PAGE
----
This means that we can be sure of the following facts about my great grandfather George’s family of birth. His parents George and Elizabeth Ann Webb had nine children in all, of whom George was the sixth. Susannah (also known as Ann?) was born in 1866 at 35 Spencer Street and baptised at Christ Church, Watney Street, St. George in the East. Elizabeth was born in 1868, possibly in Bethnal Green. Georgina Virtue was born in 1870 at 25 Sherrington (Sheridan?) Street and baptised at St. James the Great, Bethnal Green (she died in 1874). Rosina was born in 1862 at 25 Sheridan Street and baptised at the same church. George was born in 1874 at 83 Cornwall Street and also baptised at the same church. Alice Virtue was born in 1876 at 83 Middle Cornwall Street (presumably the same address) and baptised at St. George in the East. Virtue was born in 1881, and Alfred in 1884: both were born at the same address and baptised at the same church.

St James the Great Bethnal Green

It seems that George’s mother Elizabeth Ann Webb died in 1910 and his father in the following year. One remaining mystery is the date of their marriage, the record of which might provide us with Elizabeth’s maiden name. As I mentioned in an earlier post, one candidate is the marriage of George Webb to Eliza Ann Redder at St. John Limehouse. However, there are two problems with this. One is that it took place in 1867, the year after the birth of Susannah/Ann. The other is that George’s father’s name is given as William Webb, whereas I’ve believed for some time that he was the son of another George Webb. But unravelling that particular mystery will have to wait for another post.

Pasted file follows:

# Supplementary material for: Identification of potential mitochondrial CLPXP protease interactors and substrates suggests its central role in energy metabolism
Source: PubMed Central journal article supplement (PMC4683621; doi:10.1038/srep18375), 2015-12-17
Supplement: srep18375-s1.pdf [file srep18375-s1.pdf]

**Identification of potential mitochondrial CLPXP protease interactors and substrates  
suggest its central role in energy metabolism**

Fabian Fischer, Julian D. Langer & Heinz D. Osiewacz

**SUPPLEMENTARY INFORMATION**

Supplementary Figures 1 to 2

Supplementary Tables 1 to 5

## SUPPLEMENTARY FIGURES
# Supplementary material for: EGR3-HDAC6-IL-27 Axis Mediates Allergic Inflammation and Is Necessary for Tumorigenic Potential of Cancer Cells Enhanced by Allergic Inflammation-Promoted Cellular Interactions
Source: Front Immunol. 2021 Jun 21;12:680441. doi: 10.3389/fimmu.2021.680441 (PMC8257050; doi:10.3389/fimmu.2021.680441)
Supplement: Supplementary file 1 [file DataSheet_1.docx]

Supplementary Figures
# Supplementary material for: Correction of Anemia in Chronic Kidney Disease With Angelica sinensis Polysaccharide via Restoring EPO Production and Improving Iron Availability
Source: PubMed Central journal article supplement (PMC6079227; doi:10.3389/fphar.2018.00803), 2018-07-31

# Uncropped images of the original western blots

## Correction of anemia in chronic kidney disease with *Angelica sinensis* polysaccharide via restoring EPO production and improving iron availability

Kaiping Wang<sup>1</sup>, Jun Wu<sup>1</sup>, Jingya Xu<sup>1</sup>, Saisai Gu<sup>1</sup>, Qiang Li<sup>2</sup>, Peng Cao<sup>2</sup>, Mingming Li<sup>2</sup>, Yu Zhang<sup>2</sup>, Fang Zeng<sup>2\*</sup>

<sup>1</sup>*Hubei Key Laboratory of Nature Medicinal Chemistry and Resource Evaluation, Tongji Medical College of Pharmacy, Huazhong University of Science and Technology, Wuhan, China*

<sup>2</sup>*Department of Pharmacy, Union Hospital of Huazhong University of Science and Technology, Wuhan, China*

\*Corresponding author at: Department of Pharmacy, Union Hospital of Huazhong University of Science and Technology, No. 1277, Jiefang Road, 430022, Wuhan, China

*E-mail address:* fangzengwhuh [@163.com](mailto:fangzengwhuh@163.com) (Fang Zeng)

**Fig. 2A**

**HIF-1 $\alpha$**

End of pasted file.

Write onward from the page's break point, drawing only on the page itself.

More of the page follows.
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One Response to Revisiting the Webbs

  1. Lyn Sanderson - Roberts says:

    I too have Webb’s in Great peter Street, and Hungerford Market, saw you pictures of Hungerford Market buildings.
    If I am following the right line back.
    My Great Grandmother – Kate Maria Webb b 1848 High Holborn, London, married John Lowe, Aug 1874, Happisburgh, Norfolk, as couple left for New Zealand, descendants in NZ & Australia.
    My GGGrandfather – George Webb – b 1808, baptised St Martin’s in fields, m Elizabeth Sugar Nov 1836, St Leonards, Shoreditch. appears in 1841 Census – Staines Rd, Hounslow, 1851 Census – 207 High Holborn, St Giles, Finsbury, 1861 Census – 85 High St, Oxford, 1871 Census – Christchurch Tce, Cowley, 1881 Census – 36 Iffley Rd, Cowley,
    This George 1808, according to a distant cousin of mine research, has siblings Ann 1785, Catherine 1790, Charlotte 1799, James 1805, James appears to have married Clemintina Cantrill 1829, St George, Hanover Sq. James appears to be in tobacco pipe business, in Census records.
    George & James and siblings father, James Webb and Ann – James born 1761, died 1820, buried st Martins in fields
    James 1761, siblings Paul 1759 – 1814 and George 1763 – 1808.
    Paul, James, & George, appear to be Tobacco pipe makers, this seems to tie in with James 1805, son of James 1761 – 1820, also in Tobacco pipe business.
    http://www.kieronheard.com/pipes/westminster/79greatpeterstreet.htm, website for tobacco pipe makers.
    Going back another generation this is where I may have problems, with previous research, I need to do alot more to prove to my satisfaction that I am on the right track here. parents of paul, james, george supposed to be Edward Webb 1720 – 1795.
    and previous to that Walter, with siblings richard, James.
    The tree as provided prior to that, by distant cousin a nonsense, from what I can see.
    she is claiming descent from Sir John Webb of Odstock who married Catherine Tresham daughter of Thomas Tresham, this is such an interesting tree in its own right historically, but don’t think there’s a link, although a suppose it is a possibility.